Our union’s campaign will first assess the legitimacy of corporate codes of conduct within the context of increasing income inequality, exorbitant salaries and benefits for senior management, declining real wages, of the commodification of human labor. It will then force the firms abroad to participate in two-tiered social monitoring program. The first tier is in which a regular auditor (from an NGO or auditing agency) grades the firm on its compliance with its codes of conduct and the level of previous improvements it was suppose to make.
The second tier that the firm’s compliance with is code of conduct is held accountable to is a major organization that could be either the ILO, an alliance of NGOs or the international confederations of trade unions. In my opinion, the World Bank would not qualify because of its diluted stance on human rights due to its control by the world’s largest corporations. These organizations would make sure that the auditors themselves are not biased and are held up to the highest level of integrity.
The chosen organization would randomly inspect the factories to make sure the auditors findings are correct and will report the findings to the public. This public accountability will in turn
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It may be difficult to monetize such things as occupational safety risks (companies that have been in business for a long period of time like Pou Chen, one of the biggest suppliers to Western apparel and footwear industries should be made to monetize their historical accident rate) or sometimes even healthcare, but the most important part of an employer’s treatment of labor is already monetized -the employee’s wage. By simply disclosing the average hourly labor costs of products gives consumers a highly probative summary statistic of how well labor is treated.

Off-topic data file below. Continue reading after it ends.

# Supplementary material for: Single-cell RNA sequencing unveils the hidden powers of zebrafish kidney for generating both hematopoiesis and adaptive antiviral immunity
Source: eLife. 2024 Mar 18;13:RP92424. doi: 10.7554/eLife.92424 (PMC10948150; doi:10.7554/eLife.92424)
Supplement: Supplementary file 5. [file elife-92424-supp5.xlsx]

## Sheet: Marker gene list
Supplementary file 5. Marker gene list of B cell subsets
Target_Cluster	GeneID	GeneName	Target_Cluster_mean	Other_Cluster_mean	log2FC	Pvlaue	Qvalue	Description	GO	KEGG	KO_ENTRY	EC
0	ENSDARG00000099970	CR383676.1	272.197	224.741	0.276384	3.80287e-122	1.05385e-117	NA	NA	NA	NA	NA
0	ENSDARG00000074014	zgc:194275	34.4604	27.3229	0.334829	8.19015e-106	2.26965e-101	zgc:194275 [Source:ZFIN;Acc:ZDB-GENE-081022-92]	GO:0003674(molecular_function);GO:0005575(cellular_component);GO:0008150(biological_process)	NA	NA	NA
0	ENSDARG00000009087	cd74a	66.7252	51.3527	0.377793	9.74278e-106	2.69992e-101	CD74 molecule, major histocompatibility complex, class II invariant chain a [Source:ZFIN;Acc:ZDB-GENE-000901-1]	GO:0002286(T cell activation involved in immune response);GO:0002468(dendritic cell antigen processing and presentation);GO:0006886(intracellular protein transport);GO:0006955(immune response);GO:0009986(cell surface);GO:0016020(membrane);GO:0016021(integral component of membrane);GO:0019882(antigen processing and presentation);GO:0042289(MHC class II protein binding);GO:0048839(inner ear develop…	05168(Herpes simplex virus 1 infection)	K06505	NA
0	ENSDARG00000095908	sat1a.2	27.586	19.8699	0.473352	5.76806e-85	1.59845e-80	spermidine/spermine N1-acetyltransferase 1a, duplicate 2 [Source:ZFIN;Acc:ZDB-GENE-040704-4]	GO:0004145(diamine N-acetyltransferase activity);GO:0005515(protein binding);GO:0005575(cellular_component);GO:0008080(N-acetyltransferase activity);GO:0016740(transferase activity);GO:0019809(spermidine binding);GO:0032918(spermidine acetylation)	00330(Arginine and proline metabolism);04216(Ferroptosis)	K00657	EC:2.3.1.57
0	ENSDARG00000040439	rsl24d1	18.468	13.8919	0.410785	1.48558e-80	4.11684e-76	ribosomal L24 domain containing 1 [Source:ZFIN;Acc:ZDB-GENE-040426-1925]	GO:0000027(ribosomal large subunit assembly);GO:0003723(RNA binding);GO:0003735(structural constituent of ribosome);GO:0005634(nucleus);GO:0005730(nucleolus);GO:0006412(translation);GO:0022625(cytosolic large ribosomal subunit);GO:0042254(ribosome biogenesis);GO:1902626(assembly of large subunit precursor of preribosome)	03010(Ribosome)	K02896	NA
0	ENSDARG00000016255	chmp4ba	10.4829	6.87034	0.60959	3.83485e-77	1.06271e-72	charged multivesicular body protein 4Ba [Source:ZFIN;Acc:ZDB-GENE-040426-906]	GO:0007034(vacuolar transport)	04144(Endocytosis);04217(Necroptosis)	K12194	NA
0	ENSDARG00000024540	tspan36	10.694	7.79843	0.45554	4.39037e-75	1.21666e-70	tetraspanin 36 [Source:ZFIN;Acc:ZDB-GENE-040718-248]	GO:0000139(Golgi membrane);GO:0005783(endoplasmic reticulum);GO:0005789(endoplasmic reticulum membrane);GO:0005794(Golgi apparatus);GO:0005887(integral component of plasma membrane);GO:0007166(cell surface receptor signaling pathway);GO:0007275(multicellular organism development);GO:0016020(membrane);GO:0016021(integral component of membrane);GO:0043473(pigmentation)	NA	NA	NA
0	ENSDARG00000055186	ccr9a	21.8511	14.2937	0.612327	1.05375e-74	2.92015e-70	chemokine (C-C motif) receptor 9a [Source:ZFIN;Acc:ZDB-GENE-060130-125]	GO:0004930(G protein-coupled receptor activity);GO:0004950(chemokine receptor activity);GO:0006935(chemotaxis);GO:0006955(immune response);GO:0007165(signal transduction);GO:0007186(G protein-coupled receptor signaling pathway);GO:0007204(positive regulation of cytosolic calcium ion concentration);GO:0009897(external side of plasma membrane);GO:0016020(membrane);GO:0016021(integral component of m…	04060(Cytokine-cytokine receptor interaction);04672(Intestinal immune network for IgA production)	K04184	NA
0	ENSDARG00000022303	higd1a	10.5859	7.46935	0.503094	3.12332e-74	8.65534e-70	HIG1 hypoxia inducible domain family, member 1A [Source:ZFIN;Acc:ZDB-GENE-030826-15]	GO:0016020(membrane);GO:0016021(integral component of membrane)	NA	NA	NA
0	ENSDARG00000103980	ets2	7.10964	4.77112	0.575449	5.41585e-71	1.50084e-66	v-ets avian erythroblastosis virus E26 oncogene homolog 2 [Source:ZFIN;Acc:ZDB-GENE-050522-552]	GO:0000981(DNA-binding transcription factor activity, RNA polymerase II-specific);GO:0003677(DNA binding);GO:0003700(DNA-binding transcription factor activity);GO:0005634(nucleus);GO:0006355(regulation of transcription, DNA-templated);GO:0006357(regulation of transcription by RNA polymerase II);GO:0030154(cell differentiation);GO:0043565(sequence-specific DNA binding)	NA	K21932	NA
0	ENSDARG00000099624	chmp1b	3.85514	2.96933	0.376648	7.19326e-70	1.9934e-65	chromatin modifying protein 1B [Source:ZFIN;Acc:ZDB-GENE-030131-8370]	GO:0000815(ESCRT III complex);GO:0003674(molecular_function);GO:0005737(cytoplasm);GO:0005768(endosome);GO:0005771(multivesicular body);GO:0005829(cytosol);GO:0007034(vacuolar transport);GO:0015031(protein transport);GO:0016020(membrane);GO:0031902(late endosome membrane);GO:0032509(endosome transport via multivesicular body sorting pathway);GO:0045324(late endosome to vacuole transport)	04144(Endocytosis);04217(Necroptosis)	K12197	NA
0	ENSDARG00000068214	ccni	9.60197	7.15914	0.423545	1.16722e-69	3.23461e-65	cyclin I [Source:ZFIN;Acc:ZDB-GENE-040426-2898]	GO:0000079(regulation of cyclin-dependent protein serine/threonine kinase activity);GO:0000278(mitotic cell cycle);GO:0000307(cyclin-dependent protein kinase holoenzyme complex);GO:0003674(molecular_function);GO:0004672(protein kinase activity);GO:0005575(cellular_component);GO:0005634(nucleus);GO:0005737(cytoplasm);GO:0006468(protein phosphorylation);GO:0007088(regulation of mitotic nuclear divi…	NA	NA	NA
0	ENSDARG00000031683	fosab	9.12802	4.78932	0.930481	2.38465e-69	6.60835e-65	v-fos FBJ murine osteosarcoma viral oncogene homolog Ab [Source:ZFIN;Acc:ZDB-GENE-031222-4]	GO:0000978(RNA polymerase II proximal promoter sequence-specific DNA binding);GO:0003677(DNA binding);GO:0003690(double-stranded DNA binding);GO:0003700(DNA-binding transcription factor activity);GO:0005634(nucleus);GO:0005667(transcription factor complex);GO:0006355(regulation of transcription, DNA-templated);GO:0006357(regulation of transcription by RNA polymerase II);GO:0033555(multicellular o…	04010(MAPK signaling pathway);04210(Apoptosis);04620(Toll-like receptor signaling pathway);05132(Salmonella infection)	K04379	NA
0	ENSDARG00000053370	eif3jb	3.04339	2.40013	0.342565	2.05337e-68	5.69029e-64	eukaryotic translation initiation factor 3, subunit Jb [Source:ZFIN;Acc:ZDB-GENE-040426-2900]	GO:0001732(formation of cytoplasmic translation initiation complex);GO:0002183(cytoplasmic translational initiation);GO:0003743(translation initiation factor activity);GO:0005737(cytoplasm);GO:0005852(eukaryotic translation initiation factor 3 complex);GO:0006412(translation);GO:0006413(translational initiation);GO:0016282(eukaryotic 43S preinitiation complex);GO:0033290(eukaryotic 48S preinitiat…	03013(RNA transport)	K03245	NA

If the consumer maintains that the information is reliable, and it is simple, so they can easily interpret it, this labor cost information will allow them to make an informed judgment about whether they are willing to pay more for a fairer wage. Thus, companies such as GAP, Nike, and Timberland, that disproportionately manufacture in developing countries should be encouraged to disclose point-of-purchase information about the average hourly labor costs of manufacturing particular goods.
A consumer who is all set to purchase a shiny new pair of Reeboks may be willing to buy another brand upon learning that the employees had only been paid 40 cents per hour with no health care. Consumers can decide whether cheaper cost is worth the exploitation of human life and will naturally begin to compare his/her wages (although not relative to the consumers standard of living) to that of the laborer. I believe the impact will be great.
This is a challenge for the consumer who falls under social pressure to purchase brand name apparel and cannot be swayed by such statistics. Often times persons who succumb to this pressure are victims of inadequate resources themselves, relative to others in their country (Air Jordan’s by Nike are disproportionately marketed and sold to inner city youth – in my opinion, another socially irresponsible “crime” by Nike).
By allowing the consumer to have convenient access to reliable information, he/she becomes an important agent in the was against unfair labor practices by allowing for a shift of the some of the burden of campaigns off over-worked and under staffed unions and labor activists as well as becoming living, vocal symbols (and indicators) of how the companies bottom line can be affected by disgruntled customers, forcing companies to adhere more strictly to their code of conduct and allowing for more transparency of its supply chain and labor practices – leading the general public, unions, and activist community to have the information they need to accurately and confidently identify initiatives to improve labor standards.